The Statement of Public Participation shows there will be two further 12 week stages of public consultation, prior to the draft NDF being considered by the Assembly.

The full NDF timetable is as follows:

ndf-table

A change of direction of the Welsh Government’s youth concessionary bus travel scheme?

13 February 2017

Article by Andrew Minnis, National Assembly for Wales Research Service

Darllenwch yr erthygl yma yn Gymraeg | View this post in Welsh

flikr_micolo_j

Image from Flickr by Micolo J. Licensed under Creative Commons

Media reports have suggested that the Welsh Government’s mytravelpass scheme, which offers discounts on Welsh bus travel for 18-16 year olds, is soon to be withdrawn. However, recent statements from the Cabinet Secretary for Economy and Infrastructure indicate that it may not have reached the end of the road just yet.

This blog post explains the background to the scheme and how it operates, along with an update on the most recent statements from the Cabinet Secretary.

Why was the scheme introduced?

In autumn 2014 the Welsh Government reached an agreement with the Liberal Democrats in the Assembly to support the Government’s draft budget. One aspect of the agreement was the introduction of a youth concessionary fares scheme.

Mytravelpass was subsequently launched in September 2015 on an 18 month pilot basis with funding of £15m.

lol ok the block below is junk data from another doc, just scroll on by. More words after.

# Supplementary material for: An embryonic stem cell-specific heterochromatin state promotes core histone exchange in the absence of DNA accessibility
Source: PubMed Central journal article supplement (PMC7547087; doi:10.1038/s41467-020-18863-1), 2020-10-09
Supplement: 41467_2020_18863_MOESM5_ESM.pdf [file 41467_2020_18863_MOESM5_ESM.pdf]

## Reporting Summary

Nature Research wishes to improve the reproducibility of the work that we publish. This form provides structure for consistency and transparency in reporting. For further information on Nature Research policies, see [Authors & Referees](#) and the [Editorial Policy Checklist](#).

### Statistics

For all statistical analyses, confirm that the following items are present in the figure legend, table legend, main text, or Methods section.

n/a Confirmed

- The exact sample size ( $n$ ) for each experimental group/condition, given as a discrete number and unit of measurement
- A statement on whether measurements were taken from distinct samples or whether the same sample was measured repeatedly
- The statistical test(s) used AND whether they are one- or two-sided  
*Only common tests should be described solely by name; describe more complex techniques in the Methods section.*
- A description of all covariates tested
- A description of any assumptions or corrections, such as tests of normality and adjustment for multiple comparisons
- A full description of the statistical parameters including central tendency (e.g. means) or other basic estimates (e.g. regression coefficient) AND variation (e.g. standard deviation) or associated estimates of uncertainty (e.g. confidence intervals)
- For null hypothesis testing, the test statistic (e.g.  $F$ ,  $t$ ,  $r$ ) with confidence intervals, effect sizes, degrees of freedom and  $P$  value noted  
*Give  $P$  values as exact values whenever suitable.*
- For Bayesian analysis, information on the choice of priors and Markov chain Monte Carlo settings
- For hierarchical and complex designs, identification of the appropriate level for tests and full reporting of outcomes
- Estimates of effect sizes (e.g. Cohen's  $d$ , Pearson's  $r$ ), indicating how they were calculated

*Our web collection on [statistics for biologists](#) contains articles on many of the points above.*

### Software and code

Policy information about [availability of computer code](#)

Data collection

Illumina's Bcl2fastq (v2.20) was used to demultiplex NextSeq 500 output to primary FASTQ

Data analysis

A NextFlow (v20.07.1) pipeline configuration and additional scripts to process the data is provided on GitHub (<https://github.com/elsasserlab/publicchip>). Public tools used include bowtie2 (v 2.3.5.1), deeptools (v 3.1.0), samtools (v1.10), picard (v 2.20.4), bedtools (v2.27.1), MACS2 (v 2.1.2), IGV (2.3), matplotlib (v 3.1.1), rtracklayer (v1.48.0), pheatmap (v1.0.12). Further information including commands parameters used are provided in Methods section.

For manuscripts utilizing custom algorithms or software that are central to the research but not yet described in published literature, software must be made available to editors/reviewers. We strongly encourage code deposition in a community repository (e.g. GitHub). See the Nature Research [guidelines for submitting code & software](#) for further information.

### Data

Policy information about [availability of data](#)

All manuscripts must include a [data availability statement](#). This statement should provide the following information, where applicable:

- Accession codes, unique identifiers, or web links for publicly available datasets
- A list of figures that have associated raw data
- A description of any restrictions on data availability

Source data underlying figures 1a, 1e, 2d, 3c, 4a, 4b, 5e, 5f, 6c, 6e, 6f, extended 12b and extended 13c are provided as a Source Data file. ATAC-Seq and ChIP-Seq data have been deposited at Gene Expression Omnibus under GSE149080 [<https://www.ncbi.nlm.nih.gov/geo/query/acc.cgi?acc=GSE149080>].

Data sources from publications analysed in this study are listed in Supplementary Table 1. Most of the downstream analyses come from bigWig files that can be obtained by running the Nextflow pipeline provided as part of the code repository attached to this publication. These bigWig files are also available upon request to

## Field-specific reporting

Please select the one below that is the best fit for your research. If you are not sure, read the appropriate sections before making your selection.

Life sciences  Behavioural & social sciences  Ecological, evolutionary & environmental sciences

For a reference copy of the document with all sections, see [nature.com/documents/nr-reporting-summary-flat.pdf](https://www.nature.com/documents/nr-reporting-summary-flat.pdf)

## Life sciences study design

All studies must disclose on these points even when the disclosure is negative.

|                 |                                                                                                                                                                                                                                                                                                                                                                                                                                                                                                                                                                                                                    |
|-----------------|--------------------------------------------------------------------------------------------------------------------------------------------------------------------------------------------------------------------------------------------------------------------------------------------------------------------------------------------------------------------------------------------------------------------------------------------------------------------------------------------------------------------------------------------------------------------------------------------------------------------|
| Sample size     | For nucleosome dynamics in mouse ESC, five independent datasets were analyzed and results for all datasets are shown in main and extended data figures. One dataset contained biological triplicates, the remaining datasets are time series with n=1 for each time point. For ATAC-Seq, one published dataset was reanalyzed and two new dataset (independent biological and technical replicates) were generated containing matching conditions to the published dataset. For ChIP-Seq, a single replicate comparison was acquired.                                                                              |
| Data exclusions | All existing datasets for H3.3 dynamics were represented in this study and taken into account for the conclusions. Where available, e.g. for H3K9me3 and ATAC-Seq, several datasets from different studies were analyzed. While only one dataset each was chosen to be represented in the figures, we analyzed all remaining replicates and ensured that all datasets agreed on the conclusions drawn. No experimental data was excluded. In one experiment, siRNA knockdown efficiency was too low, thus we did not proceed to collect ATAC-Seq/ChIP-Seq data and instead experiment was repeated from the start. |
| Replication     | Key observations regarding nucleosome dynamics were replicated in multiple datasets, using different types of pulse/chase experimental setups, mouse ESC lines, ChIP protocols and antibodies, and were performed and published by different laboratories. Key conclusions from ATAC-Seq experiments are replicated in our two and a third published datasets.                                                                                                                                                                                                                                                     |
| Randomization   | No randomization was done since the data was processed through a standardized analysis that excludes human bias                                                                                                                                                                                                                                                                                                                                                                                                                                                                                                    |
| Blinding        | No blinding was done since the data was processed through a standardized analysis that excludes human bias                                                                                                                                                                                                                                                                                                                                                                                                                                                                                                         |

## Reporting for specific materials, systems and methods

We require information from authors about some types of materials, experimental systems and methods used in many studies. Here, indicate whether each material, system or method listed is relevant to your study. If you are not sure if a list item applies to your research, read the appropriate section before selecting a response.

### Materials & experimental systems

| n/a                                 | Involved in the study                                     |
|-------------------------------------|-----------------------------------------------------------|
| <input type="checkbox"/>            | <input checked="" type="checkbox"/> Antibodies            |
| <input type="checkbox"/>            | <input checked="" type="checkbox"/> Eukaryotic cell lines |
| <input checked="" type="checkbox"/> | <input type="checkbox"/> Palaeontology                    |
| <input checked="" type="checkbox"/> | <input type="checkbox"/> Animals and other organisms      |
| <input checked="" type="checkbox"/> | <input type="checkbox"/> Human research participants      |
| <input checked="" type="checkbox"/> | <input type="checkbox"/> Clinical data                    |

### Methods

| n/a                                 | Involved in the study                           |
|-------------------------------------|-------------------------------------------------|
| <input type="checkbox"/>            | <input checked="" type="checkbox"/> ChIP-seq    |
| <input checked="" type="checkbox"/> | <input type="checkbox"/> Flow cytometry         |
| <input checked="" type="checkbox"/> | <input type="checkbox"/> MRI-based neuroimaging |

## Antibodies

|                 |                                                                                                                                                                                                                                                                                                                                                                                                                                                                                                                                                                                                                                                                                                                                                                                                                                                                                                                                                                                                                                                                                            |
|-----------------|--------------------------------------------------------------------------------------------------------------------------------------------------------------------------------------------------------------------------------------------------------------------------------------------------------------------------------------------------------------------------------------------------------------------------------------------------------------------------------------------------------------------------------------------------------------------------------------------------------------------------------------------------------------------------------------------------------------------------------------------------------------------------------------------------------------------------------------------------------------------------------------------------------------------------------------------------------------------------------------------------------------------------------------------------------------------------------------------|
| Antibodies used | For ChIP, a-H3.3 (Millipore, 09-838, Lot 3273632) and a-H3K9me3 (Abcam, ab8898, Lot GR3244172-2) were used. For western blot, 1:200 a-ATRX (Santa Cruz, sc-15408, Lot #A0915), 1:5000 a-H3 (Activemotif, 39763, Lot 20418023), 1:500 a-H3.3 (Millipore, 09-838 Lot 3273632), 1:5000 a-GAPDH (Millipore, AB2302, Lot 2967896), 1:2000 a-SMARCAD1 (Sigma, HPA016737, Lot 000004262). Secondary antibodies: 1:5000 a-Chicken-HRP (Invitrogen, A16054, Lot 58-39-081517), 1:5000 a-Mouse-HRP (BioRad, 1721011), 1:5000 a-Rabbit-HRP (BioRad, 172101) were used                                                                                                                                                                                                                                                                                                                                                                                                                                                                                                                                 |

The current pilot ends on 31 March 2017.

How does the scheme currently work?

Mytravelpass offers young people at least a one third discount on equivalent adult bus fares, although some operators may offer additional discounts. This includes local bus services which operate wholly in Wales or where the trip originates or terminates in Wales. The TrawsCymru long distance bus service is also included.

To be eligible for the pass, applicants must:

  • be aged 16 to 18 inclusive; and
  • have their primary residence in Wales (including those studying in Wales, provided they reside here).

The application process is handled by Traveline Cymru, the public transport information service funded by the Welsh Government. Users are issued with a photographic mytravelpass card which they must show when buying their ticket.

Details of how to apply are available on the mytravelpass website. Applications can be made online, by post or over the phone. During the pilot phase, the pass has been provided at no cost to the user, although applicants must provide a passport-sized photo to be included for ID purposes.  No proof of age or address is required with the application, but the details may be verified by third parties on behalf of the Welsh Government.

The mytravelpass website includes frequently asked questions with further information.

So what’s happening to the scheme now?

Uptake of the pass has been low. Despite a total market estimated at about 110,000 young people, by mid-January 2017 the total number of passes issued since the scheme’s launch was around 8,300.

On 18 October 2016, during questions following his Plenary statement on the future of bus services in Wales, the Cabinet Secretary acknowledged the limited uptake of the scheme.  He said “every opportunity—and I think any opportunity—that we get to flag up the existence of the pass we should take”. He also highlighted the role of the bus sector itself in marketing “concessionary travel opportunities”.